Policy Brief - Where our Food Crops Come from: A New Estimation of Countries’ Interdependence in Plant Genetic Resources

C.K. Khoury, H.A. Achicanoy, A.D. Bjorkman, C. Navarro-Racines, L. Guarino, X. Flores-Palacios, J.M.M. Engels, J.H. Wiersema, H. Dempewolf, J. Ramirez-Villegas, N.P. Castaneda-Alvarez, C. Fowler, A. Jarvis, L.H. Rieseberg, P.C. Struik

Research output: Other contributionPamphlet


Key messages: • Access to plant genetic resources used in crop improvement is essential for achieving food and nutrition security. • All countries utilize crops whose genetic diversity originates outside their borders and therefore benefi t from international collaboration to access plant genetic resources. • Countries are highly interdependent in regard to these resources, as 68.7% of their diets and 69.3% of their national agricultural production systems depend on crops whose genetic diversity originates largely outside their borders, on average across countries worldwide. • Countries’ dependence on crops that originated in other regions has increased over the past 50 years in concert with economic and agricultural development and the globalization of food systems. Increased utilization of these “foreign” crops is correlated with greater dietary diversity and higher GDP. • Global interdependence in plant genetic resources provides a strong rationale for proactively conserving and facilitating access to this diversity worldwide. We recommend more comprehensive participation of countries in the Multilateral System of Access and Benefi t Sharing of the ITPGRFA, and for widening international cooperation and a multilateral approach to the exchange of plant genetic diversity in order to consider all crops of present and future international importance.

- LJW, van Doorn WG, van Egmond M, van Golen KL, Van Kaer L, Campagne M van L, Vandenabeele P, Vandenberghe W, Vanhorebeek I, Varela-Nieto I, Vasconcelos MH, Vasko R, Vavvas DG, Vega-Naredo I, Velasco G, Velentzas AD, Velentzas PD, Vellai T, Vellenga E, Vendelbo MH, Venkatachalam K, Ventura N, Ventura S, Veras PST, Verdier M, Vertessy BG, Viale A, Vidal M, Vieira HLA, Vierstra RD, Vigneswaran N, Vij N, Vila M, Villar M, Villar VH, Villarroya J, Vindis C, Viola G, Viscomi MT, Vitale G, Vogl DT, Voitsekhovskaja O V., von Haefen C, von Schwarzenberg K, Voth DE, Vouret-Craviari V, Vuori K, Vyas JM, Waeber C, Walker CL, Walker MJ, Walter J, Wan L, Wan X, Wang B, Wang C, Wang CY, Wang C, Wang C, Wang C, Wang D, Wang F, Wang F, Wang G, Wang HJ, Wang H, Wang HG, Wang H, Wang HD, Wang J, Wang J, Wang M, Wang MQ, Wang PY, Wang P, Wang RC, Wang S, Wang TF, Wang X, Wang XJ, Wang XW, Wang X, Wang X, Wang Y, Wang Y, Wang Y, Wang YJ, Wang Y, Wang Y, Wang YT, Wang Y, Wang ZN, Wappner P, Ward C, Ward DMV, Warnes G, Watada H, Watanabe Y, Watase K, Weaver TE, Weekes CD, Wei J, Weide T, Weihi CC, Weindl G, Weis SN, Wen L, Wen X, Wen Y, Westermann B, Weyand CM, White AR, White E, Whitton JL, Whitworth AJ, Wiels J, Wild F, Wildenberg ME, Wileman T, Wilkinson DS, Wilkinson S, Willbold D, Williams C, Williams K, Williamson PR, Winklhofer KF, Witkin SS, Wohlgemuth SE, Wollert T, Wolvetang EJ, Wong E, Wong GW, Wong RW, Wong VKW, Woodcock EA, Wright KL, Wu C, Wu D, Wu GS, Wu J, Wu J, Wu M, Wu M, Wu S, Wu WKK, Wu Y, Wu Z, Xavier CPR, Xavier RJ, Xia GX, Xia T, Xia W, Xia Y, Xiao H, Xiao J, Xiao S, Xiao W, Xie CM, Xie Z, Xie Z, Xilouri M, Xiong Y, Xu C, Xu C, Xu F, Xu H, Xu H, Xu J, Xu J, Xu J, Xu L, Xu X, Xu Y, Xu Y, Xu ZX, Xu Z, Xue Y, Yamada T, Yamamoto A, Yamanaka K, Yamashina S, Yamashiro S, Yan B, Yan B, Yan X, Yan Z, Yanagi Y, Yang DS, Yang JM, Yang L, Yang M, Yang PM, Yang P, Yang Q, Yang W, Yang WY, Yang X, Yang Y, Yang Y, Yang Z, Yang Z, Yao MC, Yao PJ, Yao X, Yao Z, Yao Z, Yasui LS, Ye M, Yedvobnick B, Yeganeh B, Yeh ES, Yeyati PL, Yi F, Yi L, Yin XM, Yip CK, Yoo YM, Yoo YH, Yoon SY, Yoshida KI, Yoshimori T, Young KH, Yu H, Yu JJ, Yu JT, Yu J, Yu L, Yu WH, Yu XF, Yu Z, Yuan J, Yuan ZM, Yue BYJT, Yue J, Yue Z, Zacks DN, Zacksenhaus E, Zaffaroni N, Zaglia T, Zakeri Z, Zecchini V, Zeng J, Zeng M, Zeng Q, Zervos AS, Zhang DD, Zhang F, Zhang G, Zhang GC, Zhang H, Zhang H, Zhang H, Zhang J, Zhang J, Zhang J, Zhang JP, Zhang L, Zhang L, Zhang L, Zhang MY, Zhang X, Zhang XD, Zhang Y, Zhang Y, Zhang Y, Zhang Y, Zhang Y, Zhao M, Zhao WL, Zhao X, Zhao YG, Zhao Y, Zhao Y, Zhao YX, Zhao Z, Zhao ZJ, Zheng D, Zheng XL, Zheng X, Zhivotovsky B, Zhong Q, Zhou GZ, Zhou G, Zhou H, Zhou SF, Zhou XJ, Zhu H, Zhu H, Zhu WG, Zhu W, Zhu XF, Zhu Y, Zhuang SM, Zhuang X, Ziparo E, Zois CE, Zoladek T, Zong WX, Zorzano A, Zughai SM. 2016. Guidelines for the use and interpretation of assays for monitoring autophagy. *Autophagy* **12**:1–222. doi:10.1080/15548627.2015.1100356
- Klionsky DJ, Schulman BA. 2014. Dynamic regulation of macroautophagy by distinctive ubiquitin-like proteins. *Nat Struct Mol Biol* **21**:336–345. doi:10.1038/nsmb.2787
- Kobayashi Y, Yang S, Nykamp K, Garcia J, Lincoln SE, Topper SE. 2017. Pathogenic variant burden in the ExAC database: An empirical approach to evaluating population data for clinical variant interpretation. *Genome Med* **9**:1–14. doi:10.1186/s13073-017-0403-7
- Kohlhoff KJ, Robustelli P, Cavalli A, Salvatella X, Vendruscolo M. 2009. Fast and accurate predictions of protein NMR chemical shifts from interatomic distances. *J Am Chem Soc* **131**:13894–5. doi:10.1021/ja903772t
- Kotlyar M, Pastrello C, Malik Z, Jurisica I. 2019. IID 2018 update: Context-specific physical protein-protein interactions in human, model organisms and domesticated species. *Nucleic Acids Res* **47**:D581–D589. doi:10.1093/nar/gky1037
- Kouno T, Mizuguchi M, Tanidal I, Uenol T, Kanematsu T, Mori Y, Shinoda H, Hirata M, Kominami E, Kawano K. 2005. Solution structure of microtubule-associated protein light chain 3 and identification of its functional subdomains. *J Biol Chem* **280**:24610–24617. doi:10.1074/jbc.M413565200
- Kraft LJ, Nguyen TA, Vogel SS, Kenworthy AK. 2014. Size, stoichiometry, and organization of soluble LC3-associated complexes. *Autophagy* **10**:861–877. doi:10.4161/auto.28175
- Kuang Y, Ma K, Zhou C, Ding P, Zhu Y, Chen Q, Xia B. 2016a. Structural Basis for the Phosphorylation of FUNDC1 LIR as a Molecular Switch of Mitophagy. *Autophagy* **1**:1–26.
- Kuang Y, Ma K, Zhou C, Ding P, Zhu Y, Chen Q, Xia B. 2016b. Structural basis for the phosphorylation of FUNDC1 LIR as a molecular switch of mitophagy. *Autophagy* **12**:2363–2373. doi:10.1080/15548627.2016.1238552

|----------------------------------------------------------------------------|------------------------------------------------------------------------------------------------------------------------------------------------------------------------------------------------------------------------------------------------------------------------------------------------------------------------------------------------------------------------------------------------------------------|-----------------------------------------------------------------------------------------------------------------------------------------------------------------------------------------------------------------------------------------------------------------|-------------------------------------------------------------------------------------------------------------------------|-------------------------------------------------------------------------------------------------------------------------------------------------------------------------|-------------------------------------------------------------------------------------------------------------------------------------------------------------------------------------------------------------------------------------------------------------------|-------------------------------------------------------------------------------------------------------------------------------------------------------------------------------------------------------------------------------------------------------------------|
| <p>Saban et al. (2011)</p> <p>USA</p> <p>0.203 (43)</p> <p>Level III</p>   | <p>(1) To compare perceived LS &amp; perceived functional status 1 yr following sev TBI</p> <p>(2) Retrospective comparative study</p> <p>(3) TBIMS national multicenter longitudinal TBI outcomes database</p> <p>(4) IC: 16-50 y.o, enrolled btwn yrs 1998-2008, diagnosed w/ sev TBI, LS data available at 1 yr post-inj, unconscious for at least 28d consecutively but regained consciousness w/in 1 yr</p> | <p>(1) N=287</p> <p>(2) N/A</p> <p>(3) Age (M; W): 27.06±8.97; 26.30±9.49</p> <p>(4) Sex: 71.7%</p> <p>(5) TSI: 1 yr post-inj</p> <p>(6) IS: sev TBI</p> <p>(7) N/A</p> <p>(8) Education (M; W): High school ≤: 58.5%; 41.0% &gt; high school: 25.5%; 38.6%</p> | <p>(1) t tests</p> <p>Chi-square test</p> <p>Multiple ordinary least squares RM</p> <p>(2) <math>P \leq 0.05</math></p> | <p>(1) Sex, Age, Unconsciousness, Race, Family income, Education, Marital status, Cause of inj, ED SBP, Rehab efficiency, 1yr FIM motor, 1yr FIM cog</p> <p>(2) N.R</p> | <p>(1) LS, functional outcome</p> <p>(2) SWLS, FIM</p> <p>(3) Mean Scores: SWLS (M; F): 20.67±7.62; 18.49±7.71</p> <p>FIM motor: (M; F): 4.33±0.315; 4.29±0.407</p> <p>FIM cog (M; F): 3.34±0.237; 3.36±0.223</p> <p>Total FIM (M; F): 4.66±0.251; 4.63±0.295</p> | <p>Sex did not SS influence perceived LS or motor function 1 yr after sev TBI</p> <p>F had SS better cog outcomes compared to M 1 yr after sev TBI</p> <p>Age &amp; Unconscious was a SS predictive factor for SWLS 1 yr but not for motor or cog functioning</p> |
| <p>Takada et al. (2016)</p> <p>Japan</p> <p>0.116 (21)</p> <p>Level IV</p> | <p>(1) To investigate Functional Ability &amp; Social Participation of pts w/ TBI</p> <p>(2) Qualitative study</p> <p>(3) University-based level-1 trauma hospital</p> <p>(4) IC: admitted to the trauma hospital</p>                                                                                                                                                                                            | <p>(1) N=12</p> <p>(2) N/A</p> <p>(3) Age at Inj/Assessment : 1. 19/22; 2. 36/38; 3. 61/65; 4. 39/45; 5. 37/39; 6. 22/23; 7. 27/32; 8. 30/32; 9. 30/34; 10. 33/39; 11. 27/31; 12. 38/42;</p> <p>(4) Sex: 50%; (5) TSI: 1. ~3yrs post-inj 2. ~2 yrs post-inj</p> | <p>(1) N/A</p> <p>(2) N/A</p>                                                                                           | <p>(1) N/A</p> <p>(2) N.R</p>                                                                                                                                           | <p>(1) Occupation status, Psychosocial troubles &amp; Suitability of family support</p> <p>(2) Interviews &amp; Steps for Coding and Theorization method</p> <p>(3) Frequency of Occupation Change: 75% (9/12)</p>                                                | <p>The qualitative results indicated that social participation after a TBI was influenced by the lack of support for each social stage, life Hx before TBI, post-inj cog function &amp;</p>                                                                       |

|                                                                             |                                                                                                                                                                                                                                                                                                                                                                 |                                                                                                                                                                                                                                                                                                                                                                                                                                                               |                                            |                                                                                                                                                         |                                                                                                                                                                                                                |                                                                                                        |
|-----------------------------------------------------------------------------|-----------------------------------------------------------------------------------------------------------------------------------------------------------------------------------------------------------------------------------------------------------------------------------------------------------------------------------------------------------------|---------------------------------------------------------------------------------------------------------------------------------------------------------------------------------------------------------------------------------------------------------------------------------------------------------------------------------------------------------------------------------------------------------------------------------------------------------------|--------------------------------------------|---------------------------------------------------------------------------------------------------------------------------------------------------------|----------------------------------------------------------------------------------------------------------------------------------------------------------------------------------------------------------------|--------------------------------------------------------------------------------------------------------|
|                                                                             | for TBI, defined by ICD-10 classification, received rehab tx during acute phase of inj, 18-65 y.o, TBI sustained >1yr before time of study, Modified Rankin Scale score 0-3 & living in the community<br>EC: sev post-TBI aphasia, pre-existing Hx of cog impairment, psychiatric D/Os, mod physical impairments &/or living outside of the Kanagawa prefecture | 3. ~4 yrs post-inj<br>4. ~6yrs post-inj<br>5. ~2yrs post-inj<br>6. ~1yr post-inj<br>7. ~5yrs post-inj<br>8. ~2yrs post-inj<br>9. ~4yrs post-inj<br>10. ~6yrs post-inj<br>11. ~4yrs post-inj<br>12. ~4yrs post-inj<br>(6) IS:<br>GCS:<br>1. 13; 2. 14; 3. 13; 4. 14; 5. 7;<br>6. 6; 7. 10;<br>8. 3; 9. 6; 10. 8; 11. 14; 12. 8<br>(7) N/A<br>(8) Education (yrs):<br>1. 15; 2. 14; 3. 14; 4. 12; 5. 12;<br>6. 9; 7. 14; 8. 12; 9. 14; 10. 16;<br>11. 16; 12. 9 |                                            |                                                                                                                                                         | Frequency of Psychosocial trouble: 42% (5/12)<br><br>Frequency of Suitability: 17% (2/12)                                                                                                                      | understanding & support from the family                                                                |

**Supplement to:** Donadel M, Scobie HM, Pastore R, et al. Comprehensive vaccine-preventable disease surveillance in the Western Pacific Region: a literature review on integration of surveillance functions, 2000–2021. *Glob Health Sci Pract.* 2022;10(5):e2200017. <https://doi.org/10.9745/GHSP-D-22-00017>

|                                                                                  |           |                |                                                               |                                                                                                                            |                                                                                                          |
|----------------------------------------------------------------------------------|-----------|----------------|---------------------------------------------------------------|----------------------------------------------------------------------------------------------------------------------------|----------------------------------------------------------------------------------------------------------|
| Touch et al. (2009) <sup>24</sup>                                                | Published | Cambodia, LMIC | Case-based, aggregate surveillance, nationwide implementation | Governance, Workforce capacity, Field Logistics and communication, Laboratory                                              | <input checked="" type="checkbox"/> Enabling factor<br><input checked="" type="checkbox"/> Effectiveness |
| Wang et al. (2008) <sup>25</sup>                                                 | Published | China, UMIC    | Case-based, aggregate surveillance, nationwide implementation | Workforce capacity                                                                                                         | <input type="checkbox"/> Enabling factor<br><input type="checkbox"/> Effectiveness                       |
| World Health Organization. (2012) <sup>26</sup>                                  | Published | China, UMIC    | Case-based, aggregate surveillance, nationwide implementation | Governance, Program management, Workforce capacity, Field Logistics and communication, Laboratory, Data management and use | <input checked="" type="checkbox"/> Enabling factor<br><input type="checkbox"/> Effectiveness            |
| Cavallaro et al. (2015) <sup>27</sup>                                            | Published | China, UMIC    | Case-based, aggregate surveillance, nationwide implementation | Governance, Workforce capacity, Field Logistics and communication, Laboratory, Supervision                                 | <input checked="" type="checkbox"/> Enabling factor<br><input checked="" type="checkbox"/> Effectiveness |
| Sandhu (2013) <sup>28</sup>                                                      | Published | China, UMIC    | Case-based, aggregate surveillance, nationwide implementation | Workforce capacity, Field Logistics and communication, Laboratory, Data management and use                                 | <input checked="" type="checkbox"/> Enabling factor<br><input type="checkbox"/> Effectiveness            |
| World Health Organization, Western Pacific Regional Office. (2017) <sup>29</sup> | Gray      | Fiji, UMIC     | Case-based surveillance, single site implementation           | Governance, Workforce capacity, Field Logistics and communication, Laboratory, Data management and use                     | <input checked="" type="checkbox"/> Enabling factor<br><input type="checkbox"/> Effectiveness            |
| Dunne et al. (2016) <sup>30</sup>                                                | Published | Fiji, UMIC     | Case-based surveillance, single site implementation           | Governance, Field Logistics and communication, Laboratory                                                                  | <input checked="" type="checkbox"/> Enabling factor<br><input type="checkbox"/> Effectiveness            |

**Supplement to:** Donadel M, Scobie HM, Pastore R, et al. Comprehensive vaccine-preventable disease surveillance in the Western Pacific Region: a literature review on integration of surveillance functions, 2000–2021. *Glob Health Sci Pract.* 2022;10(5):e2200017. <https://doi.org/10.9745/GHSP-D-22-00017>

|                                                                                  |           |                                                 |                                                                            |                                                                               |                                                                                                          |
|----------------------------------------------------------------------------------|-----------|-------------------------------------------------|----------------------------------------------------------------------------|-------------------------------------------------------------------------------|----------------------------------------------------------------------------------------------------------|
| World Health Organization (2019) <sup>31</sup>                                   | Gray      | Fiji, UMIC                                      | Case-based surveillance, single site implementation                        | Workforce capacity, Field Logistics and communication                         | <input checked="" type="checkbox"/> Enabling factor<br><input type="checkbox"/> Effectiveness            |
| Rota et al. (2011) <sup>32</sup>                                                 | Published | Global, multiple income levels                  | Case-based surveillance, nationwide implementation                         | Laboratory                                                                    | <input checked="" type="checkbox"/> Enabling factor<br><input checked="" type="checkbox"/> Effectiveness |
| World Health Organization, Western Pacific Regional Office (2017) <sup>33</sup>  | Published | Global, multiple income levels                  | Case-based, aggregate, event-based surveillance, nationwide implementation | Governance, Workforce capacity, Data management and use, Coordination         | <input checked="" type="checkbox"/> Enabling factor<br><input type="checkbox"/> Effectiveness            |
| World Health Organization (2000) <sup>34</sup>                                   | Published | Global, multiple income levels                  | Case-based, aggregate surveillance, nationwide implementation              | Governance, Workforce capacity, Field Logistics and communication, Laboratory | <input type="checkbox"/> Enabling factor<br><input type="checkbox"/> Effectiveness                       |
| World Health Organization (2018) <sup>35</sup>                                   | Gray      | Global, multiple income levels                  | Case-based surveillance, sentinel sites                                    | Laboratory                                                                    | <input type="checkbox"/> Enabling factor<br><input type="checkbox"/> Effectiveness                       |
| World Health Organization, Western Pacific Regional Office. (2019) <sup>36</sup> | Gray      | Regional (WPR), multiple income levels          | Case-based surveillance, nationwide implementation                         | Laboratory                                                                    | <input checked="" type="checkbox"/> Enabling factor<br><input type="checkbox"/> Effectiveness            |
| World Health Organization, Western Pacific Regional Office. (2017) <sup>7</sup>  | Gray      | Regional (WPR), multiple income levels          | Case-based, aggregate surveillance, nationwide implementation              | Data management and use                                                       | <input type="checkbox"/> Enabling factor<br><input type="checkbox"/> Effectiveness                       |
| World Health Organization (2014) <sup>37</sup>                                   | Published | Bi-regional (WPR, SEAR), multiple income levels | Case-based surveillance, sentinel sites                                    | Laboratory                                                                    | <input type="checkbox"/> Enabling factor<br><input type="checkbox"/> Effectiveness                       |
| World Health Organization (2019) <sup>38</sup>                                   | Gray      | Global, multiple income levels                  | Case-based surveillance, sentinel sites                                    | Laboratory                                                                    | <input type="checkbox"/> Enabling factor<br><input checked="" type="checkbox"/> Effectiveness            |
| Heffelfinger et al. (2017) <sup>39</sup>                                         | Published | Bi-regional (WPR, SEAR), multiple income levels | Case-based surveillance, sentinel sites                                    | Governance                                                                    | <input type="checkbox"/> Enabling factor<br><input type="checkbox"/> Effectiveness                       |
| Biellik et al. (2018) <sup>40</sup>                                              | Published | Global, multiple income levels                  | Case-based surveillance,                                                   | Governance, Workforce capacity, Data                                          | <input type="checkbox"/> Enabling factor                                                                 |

Original languageEnglish
PublisherCIAT International Center for Tropical Agriculture
Publication statusPublished - 2015


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